Showing Livestock – Why?

New Entry from Jody’s Spectrum Scene Blog:

Catching up and sharing from the files of my ramblings. This particular set is from August 24, 2015.


Clyde & Jo

I can’t even count the number of times I’ve been asked why our kids show livestock. There are many lessons to be learned while working with an animal which will grow to be ten times your own body weight, along with many memories which will be carried well into adulthood. Clyde was my little buddy, raised as a bottle and then bucket calf after being orphaned by his momma. We played chase; he tried to eat my hair; we walked together in the show ring; and then, I loaded him on the trailer to head to market. Memories made, lessons learned and never forgotten.

The annual Avon Fat Steer Show has long served as our end of summer bash. It’s a weekend we can come together with our friends and neighbors to enjoy and celebrate our community’s roots in agriculture while encouraging and celebrating the accomplishments of our young people as they work to exhibit their livestock.

Once the steer show is done, animals are no longer needing to be washed, groomed and walked daily so there is a relief in responsibility for our children. But after all the months of preparation and shows throughout the summer, a bond is formed between animal and owner, so even though the kids don’t necessarily have to go out and spend time with their cattle, I noticed each one of them venturing out to the barn off and on yesterday.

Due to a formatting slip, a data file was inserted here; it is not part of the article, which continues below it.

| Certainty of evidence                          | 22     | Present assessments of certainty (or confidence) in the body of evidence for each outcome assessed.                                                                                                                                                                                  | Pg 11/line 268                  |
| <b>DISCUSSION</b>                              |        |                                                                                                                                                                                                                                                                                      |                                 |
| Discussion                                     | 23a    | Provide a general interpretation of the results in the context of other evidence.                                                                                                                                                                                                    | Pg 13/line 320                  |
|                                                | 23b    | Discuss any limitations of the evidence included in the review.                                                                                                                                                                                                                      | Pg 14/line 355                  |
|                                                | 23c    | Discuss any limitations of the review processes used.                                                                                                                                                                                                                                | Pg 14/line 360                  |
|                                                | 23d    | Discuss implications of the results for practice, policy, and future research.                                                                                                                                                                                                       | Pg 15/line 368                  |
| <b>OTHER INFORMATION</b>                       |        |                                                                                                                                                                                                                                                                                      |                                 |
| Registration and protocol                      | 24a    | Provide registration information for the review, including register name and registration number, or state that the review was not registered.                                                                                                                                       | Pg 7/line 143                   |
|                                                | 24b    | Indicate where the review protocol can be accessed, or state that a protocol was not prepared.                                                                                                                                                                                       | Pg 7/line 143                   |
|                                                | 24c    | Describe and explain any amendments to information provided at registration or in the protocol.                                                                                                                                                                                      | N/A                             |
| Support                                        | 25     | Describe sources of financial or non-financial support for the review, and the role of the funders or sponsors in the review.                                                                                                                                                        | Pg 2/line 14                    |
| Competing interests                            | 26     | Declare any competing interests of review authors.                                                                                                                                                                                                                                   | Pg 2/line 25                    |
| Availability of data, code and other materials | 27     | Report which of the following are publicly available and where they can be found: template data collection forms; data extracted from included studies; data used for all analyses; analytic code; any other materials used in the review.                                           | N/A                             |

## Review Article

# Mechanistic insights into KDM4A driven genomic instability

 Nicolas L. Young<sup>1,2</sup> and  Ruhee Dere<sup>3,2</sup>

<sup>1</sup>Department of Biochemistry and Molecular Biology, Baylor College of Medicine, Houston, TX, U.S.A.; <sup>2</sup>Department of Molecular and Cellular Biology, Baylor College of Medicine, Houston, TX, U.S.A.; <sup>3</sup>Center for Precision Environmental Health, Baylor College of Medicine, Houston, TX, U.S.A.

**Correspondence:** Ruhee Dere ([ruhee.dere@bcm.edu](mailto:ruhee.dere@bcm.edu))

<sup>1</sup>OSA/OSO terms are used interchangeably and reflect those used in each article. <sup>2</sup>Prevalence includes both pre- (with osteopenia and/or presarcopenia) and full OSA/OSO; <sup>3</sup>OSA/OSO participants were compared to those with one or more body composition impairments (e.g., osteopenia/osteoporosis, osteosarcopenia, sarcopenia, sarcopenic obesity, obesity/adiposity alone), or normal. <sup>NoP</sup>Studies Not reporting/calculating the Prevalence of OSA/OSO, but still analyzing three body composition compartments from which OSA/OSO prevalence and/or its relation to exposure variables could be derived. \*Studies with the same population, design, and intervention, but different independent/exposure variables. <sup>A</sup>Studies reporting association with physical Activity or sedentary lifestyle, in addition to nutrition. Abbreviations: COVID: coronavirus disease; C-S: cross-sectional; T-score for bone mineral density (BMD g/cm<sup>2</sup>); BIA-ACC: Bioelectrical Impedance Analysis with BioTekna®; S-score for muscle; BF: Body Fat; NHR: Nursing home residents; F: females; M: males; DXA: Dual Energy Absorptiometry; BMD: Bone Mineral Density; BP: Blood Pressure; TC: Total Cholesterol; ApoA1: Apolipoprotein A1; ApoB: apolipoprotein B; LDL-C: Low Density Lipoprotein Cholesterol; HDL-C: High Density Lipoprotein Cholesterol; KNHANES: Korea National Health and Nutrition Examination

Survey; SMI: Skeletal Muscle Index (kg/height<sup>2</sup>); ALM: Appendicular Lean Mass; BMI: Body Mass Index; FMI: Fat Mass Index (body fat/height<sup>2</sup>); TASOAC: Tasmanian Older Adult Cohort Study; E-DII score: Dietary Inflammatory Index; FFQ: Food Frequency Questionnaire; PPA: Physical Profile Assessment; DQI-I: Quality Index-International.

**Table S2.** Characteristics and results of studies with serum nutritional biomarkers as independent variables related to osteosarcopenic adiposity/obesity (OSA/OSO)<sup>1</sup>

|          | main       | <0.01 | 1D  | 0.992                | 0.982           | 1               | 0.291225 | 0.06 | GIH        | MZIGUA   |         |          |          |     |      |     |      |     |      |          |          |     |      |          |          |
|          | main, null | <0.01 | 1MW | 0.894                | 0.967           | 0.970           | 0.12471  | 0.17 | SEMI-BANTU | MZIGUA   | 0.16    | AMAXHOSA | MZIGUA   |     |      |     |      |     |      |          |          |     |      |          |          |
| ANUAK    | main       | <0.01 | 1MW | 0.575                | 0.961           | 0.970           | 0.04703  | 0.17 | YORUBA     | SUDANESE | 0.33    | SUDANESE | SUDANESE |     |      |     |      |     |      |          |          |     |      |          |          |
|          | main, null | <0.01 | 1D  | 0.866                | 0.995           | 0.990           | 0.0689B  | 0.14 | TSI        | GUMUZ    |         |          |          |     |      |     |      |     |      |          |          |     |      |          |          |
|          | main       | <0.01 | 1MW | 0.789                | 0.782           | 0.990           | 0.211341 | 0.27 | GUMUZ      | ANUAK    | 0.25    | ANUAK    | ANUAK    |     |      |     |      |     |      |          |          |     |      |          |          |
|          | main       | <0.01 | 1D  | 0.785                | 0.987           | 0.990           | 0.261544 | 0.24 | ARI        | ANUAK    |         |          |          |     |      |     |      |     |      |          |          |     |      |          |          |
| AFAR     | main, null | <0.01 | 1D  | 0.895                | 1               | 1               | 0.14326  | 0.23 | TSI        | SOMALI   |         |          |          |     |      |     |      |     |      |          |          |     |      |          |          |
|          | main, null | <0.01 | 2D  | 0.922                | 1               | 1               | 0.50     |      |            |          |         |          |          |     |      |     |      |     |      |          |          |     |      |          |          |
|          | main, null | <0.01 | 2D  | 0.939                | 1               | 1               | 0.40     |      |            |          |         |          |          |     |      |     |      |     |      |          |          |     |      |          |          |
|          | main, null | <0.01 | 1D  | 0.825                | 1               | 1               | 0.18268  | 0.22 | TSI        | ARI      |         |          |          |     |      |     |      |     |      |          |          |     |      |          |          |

Part of me wonders why now that the kids don’t have to go out, they do, but when it was a necessity for working, prepping, and practicing, they often needed a nudge or two to get them moving. I don’t wonder long. I remember the days of walking my own cattle and the laughter of playing chase with bucket calves. I remember feeling a full heart when my little buddy tossed his head on my lap while we relaxed under a shade tree after an hour or two of grooming and walking. And I remember the lump in my throat as I loaded that same little buddy, then more than 1,000 pounds, onto the trailer for the last time. It’s the circle of life – a lesson well learned early on in a show kid’s career.

While we eagerly anticipate this fair weekend all summer long, simply for the joy of being there, enjoying our community and so many of the aspects which truly make it home for us, there is also somewhat of a let-down when it is done. Perhaps it’s the sheer exhaustion, particularly this year with the first week of school inconveniently falling on the same week as Steer Show.